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Study to investigate giving night shift staff ‘breaks and powernaps’


Midwives, nurses and other members of hospital staff look set to benefit from a new study that will pilot giving “breaks and powernaps” to those who experience fatigue and tiredness during night shifts.

Think-tank the Health Foundation has awarded £56,000 to Northumbria University, Newcastle and the Newcastle upon Tyne Hospitals NHS Foundation Trust to investigate new ways of supporting staff fatigue and tiredness during night shifts on the labour wards.

“We hope that by using ideas from the whole team that we can develop a way of managing their night shift fatigue”

Nancy Redfern

The university noted that many night shift staff report that fatigue can impact their ability to do their job and can also affect their physical health and psychological wellbeing.

As a result of the funding, midwives, nurses, and other healthcare staff at the Royal Victoria Infirmary will be working closely with the researchers to explore and test better ways to help people manage their sleep and fatigue during long night shifts.

Under the study, hospital staff will be provided with wearable activity monitors and a specially developed app by Sleep and Fatigue Research, which will help to monitor their sleep wake patterns and predict how their fatigue will affect them over the following 20-hour period.

The researchers will also hold focus groups and interviews, as well as asking staff to complete wellbeing questionnaires in a bid to understand people’s experiences of tiredness during night shifts.

The university state that it is hoped that solutions developed from the study will help to improve hospital teams working at night and enable breaks and powernaps to be built into workers’ schedules.

Dr Nancy Redfern, consultant anaesthetist and project lead at Newcastle Hospitals, said: “The labour ward can be a busy place at night, and however hard we try, tiredness affects everyone’s performance.

“We hope that by using ideas from the whole team of midwives, nurses and doctors that we can develop a way of managing their night shift fatigue in a way that genuinely improves staff wellbeing and morale,” she said. “It will be good for patients and good for the whole team.”

“All our staff need the best sleep possible to care for patients’ day and night”

Kirstie Anderson

Dr Kirstie Anderson, a sleep expert at the Newcastle Hospitals, is also supporting the project. She said: “All our staff need the best sleep possible to care for patients’ day and night. Tiredness affects everyone’s performance and can impact quality of care and patient safety.”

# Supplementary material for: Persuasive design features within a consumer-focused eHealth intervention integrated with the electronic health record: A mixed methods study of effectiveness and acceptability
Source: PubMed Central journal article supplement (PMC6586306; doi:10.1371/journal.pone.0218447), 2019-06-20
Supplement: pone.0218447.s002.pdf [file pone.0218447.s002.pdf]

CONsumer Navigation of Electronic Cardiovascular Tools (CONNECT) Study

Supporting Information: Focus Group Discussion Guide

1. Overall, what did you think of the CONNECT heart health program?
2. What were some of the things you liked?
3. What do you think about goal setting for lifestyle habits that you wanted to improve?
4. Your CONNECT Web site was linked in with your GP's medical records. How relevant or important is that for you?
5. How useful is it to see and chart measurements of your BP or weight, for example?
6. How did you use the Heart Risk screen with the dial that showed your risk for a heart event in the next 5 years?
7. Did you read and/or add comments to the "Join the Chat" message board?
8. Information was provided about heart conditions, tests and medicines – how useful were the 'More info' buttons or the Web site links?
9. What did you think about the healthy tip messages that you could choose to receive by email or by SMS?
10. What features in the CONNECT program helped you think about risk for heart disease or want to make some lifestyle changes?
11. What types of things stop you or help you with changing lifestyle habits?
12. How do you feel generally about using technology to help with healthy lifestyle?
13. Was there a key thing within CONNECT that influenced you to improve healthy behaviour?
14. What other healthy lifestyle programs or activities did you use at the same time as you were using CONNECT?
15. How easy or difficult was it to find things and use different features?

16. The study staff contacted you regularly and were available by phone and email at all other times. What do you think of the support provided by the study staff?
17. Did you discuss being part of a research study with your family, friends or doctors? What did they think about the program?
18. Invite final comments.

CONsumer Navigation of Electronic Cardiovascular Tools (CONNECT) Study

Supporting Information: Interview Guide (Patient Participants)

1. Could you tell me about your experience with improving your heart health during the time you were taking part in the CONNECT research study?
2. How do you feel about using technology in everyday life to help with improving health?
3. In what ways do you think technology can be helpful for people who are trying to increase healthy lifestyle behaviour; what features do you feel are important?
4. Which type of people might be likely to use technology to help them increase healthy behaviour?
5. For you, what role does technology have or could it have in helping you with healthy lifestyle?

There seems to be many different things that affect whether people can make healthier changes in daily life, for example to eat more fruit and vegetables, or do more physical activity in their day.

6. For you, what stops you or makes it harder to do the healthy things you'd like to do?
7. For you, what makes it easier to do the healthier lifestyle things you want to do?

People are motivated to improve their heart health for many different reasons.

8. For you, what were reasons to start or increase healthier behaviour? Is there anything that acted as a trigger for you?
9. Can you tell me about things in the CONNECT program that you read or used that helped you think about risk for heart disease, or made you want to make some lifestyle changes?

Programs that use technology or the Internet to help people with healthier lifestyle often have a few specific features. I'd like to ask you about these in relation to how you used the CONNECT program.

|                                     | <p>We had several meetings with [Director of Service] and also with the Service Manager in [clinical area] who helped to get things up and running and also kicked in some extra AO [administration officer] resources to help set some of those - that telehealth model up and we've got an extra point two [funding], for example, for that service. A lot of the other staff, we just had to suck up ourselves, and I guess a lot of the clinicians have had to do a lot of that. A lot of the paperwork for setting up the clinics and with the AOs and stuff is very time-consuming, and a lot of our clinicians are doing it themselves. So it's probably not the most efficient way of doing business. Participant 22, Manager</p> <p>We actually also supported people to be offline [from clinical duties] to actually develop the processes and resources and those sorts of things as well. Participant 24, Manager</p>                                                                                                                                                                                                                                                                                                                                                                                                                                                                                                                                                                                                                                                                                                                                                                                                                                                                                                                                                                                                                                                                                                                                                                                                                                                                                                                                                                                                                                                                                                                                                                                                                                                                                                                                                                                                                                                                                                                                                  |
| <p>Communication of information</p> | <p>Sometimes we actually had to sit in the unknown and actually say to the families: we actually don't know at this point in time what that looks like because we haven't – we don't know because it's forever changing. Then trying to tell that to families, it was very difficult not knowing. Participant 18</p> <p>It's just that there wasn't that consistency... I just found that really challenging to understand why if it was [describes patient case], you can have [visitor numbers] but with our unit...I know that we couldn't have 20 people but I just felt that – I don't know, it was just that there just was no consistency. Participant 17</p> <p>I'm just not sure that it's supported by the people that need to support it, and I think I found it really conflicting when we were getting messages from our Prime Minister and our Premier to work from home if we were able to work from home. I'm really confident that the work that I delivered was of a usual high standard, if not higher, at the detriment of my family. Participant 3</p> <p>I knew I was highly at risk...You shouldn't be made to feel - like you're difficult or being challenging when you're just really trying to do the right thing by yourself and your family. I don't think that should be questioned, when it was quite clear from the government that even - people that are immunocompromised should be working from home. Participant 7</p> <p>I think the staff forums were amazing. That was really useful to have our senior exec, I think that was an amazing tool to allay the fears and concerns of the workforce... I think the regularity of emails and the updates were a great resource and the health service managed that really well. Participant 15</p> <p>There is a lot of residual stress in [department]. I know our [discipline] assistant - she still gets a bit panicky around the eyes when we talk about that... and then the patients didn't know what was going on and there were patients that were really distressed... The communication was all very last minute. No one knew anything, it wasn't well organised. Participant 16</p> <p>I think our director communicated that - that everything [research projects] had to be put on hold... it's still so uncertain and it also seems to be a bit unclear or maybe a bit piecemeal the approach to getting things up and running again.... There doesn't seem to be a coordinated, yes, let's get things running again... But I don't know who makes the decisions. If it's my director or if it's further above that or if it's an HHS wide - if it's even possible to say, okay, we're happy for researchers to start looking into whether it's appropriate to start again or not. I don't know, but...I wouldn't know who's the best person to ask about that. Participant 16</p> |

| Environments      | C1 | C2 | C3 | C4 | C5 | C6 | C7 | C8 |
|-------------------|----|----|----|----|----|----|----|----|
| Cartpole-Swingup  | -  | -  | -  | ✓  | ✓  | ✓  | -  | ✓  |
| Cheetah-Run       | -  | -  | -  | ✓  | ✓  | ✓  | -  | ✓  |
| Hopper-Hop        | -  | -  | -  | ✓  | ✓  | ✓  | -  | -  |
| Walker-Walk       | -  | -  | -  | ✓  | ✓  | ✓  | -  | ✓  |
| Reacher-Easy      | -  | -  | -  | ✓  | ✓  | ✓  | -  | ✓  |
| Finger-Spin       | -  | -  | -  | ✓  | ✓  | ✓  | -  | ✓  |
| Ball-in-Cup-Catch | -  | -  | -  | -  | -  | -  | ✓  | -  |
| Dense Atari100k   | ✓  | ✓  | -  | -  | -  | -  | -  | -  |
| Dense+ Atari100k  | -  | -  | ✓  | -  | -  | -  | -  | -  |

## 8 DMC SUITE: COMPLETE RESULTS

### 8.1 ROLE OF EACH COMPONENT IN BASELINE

She added: “Our vigilance becomes more variable; we may be less good at logical reasoning, less empathetic and more prone to make errors.”

“Other safety critical industries such as airlines, nuclear and petrochemical companies have formal fatigue risk management strategies – we need them in healthcare as well,” said Dr Anderson.

Funding for the study has been awarded as part of the Health Foundation’s Innovating for Improvement programme, which aims to improve the delivery of health and social care, as well as helping people to manage their own health care by redesigning processes and practices.

The project will run for 15 months from January 2019 and forms part of Northumbria University’s research into integrated health and social care, which explores new, sustainable and effective ways of promoting health and wellbeing across all age groups.


Readers' comments (2)

  • I totally agree with this study. I also know from personal experience that at 57 years of age it is very difficult to perform at the standard that I did I my thirties and forties when working two or more consecutive nights on a 13 shift rota.

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  • This is great. I only hope that the outcome of this study would be piloted or shared across all NHS hospitals. At the moment some night staff are constantly being bullied by some NHS hospitals for having a rest period even if there is no activity in their departments, especially in surgical or operating theatres .

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